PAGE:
Cynthia Harrison
Cynthia Harrison

To learn more about Cynthia:

Links blogging for 11 years on A Writer’s Diary.

facebook fan page: Cynthia Harrison

Twitter: @CynthiaHarriso1

Author interview, Robena Grant, Desert Exposure

Today we have Robena Grant who has a cool book trailer for one of her romantic suspenses. Check it out… it really captures the mood of the novel.

Robena, welcome! What prompted you to get the book trailer made, how did you do it, and do you feel it is helping increase awareness of your book?

Robena Grant:

Thank you for inviting me, Nia. This is so sweet of you. Desert Exposure was my RWA®Golden Heart® finalist book from 2012, so it was special to me. I had not done book trailers for the first two books in the Desert Heat series. I had a friend who had hired GWExtra for hers: and I liked the result. I’m not sure trailers do anything toward selling a book though. : )

NS: This is the third in the series — how did you do the research to create the town of Almagro and the neighboring towns?

RG: I moved to the Coachella Valley in Southern California, which is a desert oasis, about eight years ago. I love exploring and became fascinated with the disparity between the poorer small farming towns butting up against the flashy vacation, golf-course-ridden bigger towns. I created Almagro based on my own town, but I moved its location further east.

NS: You created a villain that had real motivation and was three-dimensional. Kudos! Was that a deliberate effort and what made you want to spend the time to develop the villain instead of falling into the common pattern of making villains pure evil?

RG: Thank you. I believe there is good and bad in all of us. I’m interested in what might motivate a person to choose a life of crime. I wanted to show my antagonist’s good side through his loyalty to his family, his brother.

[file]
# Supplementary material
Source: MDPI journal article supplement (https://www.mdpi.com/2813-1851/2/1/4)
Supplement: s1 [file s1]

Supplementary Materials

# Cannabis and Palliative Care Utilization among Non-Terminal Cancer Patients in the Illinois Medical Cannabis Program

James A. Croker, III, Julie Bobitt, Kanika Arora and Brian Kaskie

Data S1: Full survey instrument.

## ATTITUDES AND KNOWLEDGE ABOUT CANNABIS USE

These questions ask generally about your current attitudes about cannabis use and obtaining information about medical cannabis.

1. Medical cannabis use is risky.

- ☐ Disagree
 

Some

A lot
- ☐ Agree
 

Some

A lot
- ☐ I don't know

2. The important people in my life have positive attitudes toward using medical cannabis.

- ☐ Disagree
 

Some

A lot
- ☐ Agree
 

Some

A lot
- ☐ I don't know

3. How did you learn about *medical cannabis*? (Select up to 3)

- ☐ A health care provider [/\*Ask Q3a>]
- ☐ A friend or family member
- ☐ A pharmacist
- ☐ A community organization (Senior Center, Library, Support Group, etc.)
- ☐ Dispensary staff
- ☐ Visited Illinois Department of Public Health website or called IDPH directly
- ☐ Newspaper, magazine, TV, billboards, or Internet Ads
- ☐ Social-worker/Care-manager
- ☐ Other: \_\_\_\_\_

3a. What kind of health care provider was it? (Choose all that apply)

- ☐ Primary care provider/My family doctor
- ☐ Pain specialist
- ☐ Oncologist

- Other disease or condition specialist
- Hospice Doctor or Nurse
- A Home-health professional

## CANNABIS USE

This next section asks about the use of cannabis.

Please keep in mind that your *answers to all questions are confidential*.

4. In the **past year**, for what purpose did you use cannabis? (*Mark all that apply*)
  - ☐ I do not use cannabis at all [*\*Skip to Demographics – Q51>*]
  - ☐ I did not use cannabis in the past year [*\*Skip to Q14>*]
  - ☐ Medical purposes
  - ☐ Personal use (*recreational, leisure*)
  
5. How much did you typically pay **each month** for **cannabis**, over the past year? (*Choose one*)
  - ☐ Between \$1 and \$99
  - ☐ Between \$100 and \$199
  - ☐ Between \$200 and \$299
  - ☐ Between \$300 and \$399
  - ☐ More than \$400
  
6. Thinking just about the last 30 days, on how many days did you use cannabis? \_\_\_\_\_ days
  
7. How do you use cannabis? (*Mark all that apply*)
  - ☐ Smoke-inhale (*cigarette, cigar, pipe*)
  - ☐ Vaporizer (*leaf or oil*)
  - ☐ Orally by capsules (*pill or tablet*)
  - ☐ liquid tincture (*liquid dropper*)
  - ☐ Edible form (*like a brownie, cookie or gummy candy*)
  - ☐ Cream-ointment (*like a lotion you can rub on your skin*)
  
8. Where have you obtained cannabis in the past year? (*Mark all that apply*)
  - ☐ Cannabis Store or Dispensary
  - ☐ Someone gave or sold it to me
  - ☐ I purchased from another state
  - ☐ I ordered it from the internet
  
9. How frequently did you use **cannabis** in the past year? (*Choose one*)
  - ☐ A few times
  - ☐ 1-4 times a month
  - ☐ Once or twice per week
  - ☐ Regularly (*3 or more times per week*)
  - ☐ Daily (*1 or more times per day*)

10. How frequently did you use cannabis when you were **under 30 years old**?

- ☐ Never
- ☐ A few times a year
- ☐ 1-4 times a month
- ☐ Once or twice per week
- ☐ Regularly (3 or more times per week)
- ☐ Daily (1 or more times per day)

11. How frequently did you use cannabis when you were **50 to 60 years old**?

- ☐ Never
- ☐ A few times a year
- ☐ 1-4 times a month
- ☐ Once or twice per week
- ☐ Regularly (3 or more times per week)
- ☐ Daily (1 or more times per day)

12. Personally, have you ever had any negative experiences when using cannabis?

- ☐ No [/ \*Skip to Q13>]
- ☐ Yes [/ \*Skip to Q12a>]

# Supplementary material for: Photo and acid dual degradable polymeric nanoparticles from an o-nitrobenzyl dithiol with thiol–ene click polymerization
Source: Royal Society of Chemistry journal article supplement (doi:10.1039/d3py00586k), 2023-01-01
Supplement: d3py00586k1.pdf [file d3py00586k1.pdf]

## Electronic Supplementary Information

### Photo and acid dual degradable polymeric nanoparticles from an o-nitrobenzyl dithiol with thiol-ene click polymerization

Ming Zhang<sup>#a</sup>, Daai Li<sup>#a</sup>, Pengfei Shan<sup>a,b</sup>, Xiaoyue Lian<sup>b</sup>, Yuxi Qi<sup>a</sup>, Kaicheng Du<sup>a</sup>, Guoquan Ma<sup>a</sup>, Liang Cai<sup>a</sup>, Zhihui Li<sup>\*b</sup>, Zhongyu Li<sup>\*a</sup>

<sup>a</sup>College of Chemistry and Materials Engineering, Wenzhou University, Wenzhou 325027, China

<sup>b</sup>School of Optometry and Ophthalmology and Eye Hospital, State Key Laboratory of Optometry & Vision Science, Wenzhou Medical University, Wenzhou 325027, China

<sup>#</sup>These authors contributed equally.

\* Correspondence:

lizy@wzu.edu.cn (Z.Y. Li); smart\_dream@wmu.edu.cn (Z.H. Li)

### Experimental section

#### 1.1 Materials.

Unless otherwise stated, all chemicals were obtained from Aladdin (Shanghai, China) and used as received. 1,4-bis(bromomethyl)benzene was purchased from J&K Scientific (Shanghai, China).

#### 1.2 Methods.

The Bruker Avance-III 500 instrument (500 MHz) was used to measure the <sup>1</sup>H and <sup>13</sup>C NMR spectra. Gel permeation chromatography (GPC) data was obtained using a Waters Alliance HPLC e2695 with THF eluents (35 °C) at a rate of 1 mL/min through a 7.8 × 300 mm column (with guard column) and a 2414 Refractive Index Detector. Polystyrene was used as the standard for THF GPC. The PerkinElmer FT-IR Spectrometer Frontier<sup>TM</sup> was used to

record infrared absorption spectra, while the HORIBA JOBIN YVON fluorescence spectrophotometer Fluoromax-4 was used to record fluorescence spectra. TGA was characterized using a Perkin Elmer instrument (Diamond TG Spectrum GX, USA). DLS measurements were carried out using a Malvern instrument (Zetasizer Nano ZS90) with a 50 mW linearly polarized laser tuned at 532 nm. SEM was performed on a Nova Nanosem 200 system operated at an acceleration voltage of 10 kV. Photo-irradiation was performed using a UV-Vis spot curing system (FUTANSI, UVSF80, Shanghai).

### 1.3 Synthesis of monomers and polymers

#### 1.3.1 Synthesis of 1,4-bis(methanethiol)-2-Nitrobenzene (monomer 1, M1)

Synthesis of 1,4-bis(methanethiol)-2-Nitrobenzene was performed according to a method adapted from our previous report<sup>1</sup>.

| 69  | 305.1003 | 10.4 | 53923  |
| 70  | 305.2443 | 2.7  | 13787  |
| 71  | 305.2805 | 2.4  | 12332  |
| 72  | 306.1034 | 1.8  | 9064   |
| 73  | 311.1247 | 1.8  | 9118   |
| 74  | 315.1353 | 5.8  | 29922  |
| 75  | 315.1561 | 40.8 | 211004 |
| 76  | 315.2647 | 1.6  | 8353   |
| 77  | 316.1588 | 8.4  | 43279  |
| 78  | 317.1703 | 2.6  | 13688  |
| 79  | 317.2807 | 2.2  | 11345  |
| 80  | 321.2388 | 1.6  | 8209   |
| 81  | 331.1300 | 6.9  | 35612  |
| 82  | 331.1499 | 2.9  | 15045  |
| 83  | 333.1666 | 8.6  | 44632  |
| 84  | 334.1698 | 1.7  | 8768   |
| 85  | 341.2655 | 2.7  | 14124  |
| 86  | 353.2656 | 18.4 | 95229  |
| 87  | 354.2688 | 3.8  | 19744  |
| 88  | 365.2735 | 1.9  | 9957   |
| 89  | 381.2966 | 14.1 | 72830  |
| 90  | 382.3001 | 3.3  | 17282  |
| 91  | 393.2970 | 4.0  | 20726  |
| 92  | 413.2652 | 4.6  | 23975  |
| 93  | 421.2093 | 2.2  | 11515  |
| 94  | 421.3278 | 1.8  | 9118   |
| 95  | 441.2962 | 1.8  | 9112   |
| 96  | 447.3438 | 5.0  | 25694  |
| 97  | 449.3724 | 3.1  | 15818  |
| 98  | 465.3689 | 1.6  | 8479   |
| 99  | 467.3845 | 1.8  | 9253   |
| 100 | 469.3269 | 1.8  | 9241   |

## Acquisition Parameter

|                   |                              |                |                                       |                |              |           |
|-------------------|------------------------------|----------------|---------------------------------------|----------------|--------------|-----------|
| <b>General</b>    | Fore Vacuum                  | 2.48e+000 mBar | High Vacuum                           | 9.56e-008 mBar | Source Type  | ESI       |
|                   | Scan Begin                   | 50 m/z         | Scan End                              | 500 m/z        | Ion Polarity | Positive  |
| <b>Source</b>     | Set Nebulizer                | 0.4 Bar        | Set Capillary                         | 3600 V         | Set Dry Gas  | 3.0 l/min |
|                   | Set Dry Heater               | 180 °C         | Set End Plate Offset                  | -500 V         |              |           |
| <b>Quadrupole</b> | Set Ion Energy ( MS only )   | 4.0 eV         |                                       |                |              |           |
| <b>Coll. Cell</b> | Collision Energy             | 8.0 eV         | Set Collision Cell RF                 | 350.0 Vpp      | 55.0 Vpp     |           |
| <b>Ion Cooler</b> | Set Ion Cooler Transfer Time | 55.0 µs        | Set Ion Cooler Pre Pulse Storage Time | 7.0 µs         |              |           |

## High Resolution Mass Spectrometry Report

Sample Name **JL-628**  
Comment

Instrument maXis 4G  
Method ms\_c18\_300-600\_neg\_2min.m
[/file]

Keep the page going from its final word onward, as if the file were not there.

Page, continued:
NS: Many of the minor characters were also richly nuanced. Did you work up character sheets for them? (Grandpa, Manuel, and Fernando?)

RG: I don’t do character sheets. When a character first appears to me I’ll flesh him/her out, try to figure out what makes him tick, choose one or two things that make him different from other characters in the story, and then I let him evolve as I write.

NS: Which leads me to my favorite question, are you a pantser or a plotter?

RG: I’m basically a pantser in that I think the story through as I walk, drive, exercise. Then I write a rough draft. With romantic suspense there has to be some plotting as you need to weave both the romance and the suspense. Plus there’s usually a subplot or two. : ) I focus on writing toward the major turning points.

NS: What is your favorite part about writing?

RG: The discovery part of having a character show up and whisper in my ear that they have a story to tell. Then discovering who he/she is, what they’ve done, and how I can do justice to their story.

NS: What is the hardest part about writing?

RG: For me it’s grammar. I still make ridiculous mistakes. I’m getting better at finding them, but thank heavens for editors.

NS: How long have you been writing?

RG: I started in the summer of 2000.

NS: I’m pretty close. I started in the spring of 2001. What are your dreams for your writing?